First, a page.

PERSONAL: Married Jack Gordon.
ADDRESSES: Home—FL and Washington, DC. Agent—c/o Author Mail, Indiana University Press, 601 North Morton St., Bloomington, IN 47404.
CAREER: Journalist. Former political reporter for Washington Post. Member of board of directors, St. Francis Center Community, Washington, DC.
The Power Lovers: An Intimate Look at Politics and Marriage, Putnam (New York, NY), 1975.
Long Time Passing: Vietnam and the Haunted Generation, Doubleday (Garden City, NY), 1984, updated edition, Indiana University Press (Bloomington, IN), 2001.
She Came to Live out Loud: An Inspiring Family Journey through Illness, Loss, and Grief, Scribner (New York, NY), 1999.
Contributor to magazines and the Internet.
SIDELIGHTS: Myra MacPherson, former political reporter for the Washington Post, has written books on a variety of political themes. Her first, The Power Lovers: An Intimate Look at Politics and Marriage, looks candidly at the personal lives of political couples throughout U.S. history. Through her research and interviews, MacPherson discovers that while partners in political marriages handle the stress of long work hours and the public eye differently, commonalities surface. The author contends that politicians, being often egocentric, make difficult partners, while their spouses are often lonely and left at home to raise children. Covering such topics as divorces, campaigning spouses versus the stay-at-home types, and campaign-trail groupies, the author details several relationships that succeed despite their political confines. Citing Lyndon and Lady Bird Johnson and former Michigan Congresswoman Martha Griffiths and her husband, Hicks, she adds that these couples are the exception.
Some critics believed that MacPherson was off target in her analyses of the primarily male politician's mind. Jane O'Reilly, for example, wrote in the New York Times Book Review, "The trouble with the book is that the author, in defiance of her own research, believes that unhappy political marriages could be happy if politics changed. But some men do not wish to be home taking walks in the woods." Writing in the Washington Post Book World, a reviewer observed, "Most politicians come out of this … reporter's irresistible expose looking power-mad, shallow, and narcissistic and their long-suffering wives loyally dishonest."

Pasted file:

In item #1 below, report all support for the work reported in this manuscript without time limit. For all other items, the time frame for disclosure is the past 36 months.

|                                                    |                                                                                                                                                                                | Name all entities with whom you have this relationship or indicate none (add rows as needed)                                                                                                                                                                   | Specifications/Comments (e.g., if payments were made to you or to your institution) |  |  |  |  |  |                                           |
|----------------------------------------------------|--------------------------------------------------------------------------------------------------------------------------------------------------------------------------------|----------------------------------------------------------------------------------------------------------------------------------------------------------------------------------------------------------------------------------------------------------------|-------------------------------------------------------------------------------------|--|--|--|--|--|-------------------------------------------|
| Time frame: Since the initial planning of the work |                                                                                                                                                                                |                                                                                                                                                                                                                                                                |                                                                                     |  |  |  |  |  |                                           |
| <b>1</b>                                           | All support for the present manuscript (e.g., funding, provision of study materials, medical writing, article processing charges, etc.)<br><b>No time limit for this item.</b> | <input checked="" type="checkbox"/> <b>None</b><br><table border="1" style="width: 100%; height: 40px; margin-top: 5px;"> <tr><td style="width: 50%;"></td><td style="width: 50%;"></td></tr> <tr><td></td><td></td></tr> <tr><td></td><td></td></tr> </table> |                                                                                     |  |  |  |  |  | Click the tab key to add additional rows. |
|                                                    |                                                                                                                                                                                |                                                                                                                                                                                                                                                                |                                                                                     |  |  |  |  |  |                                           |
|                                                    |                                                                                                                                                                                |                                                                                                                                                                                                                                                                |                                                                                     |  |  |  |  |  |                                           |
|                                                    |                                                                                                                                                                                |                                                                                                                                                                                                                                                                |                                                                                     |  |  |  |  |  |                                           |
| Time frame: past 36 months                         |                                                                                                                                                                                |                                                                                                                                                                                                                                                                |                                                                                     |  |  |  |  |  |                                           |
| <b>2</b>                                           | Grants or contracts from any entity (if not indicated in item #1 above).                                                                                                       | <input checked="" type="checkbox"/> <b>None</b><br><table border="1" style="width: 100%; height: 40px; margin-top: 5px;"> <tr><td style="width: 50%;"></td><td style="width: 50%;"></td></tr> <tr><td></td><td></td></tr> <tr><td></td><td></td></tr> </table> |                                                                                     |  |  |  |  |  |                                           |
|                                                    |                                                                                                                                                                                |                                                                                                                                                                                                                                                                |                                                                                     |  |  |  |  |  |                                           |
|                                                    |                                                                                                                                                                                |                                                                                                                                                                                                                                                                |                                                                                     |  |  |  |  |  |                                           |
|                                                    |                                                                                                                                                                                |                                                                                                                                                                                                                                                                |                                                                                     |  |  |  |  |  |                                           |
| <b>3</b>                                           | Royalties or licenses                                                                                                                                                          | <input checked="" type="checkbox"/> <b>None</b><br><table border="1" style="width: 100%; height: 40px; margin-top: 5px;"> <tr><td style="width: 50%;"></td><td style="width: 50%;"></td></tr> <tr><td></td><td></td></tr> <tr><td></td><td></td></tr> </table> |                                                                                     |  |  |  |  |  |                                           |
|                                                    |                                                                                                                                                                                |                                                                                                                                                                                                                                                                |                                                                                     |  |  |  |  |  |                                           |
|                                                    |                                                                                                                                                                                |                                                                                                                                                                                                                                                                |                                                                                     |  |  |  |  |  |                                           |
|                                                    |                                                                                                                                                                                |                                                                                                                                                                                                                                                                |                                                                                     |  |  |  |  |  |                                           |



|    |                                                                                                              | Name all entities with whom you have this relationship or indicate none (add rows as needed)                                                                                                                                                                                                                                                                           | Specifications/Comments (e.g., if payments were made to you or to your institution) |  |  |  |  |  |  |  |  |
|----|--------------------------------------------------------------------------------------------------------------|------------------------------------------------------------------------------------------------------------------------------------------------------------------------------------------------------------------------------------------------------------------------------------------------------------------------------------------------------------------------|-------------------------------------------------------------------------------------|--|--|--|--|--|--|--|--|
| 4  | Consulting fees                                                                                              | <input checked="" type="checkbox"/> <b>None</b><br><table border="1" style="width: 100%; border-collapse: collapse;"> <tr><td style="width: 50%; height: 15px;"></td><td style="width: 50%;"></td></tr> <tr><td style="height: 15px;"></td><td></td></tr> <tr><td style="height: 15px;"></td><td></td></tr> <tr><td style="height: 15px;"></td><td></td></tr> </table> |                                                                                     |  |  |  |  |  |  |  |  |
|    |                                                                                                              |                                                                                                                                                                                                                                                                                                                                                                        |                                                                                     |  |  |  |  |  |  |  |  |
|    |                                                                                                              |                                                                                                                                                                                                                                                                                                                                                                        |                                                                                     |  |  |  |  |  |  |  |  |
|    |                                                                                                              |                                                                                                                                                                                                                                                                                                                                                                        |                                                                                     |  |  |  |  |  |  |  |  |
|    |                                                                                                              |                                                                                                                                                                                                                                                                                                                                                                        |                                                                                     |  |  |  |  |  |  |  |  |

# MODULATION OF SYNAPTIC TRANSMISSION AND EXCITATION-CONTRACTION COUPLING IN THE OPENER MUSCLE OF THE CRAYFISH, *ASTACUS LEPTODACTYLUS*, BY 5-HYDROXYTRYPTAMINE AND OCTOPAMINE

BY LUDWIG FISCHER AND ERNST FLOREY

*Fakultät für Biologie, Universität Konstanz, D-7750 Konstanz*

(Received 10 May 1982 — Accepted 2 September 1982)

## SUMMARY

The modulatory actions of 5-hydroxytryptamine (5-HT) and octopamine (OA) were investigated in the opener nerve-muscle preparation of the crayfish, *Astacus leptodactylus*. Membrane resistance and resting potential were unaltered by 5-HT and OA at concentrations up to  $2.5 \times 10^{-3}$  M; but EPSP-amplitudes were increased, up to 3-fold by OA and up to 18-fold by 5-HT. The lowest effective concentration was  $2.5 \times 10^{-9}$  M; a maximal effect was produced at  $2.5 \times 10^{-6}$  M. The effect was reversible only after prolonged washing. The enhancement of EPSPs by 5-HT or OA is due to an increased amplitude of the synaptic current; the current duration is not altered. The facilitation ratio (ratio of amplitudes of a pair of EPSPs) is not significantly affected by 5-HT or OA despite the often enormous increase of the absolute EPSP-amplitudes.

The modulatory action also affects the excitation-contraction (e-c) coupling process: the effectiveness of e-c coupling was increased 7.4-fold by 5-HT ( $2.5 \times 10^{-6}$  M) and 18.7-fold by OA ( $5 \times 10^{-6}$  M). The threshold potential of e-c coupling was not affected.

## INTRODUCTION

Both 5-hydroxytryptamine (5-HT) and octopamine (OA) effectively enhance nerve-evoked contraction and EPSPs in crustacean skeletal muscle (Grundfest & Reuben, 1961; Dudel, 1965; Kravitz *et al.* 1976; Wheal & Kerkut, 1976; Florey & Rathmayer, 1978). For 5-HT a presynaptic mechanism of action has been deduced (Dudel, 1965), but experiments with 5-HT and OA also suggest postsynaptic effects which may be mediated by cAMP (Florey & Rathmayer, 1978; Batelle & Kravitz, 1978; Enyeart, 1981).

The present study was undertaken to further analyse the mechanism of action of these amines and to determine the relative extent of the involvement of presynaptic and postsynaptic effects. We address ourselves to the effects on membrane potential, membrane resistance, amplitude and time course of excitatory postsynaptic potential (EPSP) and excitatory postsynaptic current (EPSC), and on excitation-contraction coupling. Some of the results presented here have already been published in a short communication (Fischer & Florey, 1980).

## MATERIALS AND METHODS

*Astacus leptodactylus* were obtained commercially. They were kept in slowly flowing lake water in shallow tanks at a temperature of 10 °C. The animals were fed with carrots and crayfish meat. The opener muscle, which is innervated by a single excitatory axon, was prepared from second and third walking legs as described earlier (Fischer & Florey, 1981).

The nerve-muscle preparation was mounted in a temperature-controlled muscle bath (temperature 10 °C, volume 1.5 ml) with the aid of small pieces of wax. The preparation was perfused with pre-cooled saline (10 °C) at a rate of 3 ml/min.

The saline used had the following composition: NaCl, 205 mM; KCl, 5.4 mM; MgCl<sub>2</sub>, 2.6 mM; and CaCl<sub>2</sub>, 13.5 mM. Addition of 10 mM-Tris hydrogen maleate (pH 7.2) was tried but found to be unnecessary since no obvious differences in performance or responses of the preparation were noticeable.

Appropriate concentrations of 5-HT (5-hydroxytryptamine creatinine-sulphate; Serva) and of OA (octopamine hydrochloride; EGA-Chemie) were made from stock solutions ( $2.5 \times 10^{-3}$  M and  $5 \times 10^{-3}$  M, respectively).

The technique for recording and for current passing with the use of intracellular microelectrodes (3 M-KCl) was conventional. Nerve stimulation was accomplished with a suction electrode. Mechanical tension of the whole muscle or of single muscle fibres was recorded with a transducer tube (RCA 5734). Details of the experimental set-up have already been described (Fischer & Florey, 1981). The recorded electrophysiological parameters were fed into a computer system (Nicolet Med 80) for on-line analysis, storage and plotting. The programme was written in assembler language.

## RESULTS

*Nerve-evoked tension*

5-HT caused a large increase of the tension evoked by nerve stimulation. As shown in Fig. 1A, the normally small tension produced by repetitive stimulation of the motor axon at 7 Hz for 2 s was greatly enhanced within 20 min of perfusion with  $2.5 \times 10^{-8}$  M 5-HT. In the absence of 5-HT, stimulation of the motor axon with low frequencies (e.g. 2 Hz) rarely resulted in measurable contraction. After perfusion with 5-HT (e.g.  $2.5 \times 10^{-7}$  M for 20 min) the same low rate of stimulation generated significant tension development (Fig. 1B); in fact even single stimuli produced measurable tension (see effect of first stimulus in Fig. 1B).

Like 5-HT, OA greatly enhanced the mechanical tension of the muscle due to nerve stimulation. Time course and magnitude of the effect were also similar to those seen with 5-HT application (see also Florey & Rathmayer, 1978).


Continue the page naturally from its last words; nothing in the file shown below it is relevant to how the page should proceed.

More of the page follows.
MacPherson's Long Time Passing: Vietnam and the Haunted Generation focuses on the complex war and its effect on those Americans who came of age during the 1960s and 1970s. She interviewed more than five hundred people for the book, including veterans and their parents, deserters, psychologists, and historians, whose voices she uses to vividly portray the experiences of those most affected during and after the war. She also devotes a section to people who avoided the war in Vietnam, punctuating how America's poor fought this war. Writing in the Washington Post Book World, Jack Beatty commented that the author "does justice to an extraordinary range of experience and emotion. Rage, shame, battle lust, a dark rainbow of guilt and regret and grief—these are just a few of the feelings that Myra MacPherson elicits from the veterans with the kind of skillful emphatic questioning a master psychologist might envy. There have been many books on the Vietnam War, but few have captured its second life as memory better than Long Time Passing." An updated version of the book was published in 2001, after which MacPherson went on a speaking tour to universities to discuss Vietnam.
In She Came to Live out Loud: An Inspiring Family Journey through Illness, Loss, and Grief MacPherson details the illness of Anna Johannessen, a middle-aged woman from Maryland who was diagnosed with breast cancer in 1989 at age thirty-seven. MacPherson takes a political angle in her story, using the woman's eventual death to explain how Americans deal with sickness and death. A Publishers Weekly contributor commented that "MacPherson occasionally gushes in her praise of Anna and her family, but she succeeds in bringing readers into the dying woman's intimate world and in conveying everyone's grief." Bette-Lee Fox, writing in the Library Journal, asserted that "this thoughtful and moving portrait conveys death and grieving as positive, life-affirming processes." New York Times Book Review contributor Sara Ivry concluded that She Came to Live out Loud is "a rich description of an optimistic, charismatic woman who stubbornly refused to allow illness to run her life."
BIOGRAPHICAL AND CRITICAL SOURCES:
Booklist, December 15, 1998, Danise Hoover, review of She Came to Live out Loud: An Inspiring Family Journey through Illness, Loss, and Grief, p. 708.
Chicago Tribune, April 16, 2002, Mike Conklin, "Vietnam Packing 'Em in on Campus," p. 1.
Library Journal, January, 1999, Bette-Lee Fox, review of She Came to Live out Loud, p. 131.
Los Angeles Times Book Review, June 10, 1984, Elizabeth Janeway, review of Long Time Passing: Vietnam and the Haunted Generation, pp. 1, 7.
Nation, June 23, 1984, p. 763.
National Review, December 19, 1975, Anne Crutcher, review of The Power Lovers: An Intimate Look at Politics and Marriage, pp. 1489-1490.
New York Times, June 24, 1984, Donald Knox, review of Long Time Passing, p. 9.
New York Times Book Review, November 30, 1975, Jane O'Reilly, review of The Power Lovers, pp. 8, 17; May 9, 1999, Sara Ivry, review of She Came to Live out Loud, p. 27.
Publishers Weekly, January 4, 1999, review of She Came to Live out Loud, p. 81.
Washingtonian, May, 1999, p. 50.
Washington Post Book World, August 31, 1975, review of The Power Lovers, p. 1; June 3,1984, Jack Beatty, review of Long Time Passing, pp. 1, 14.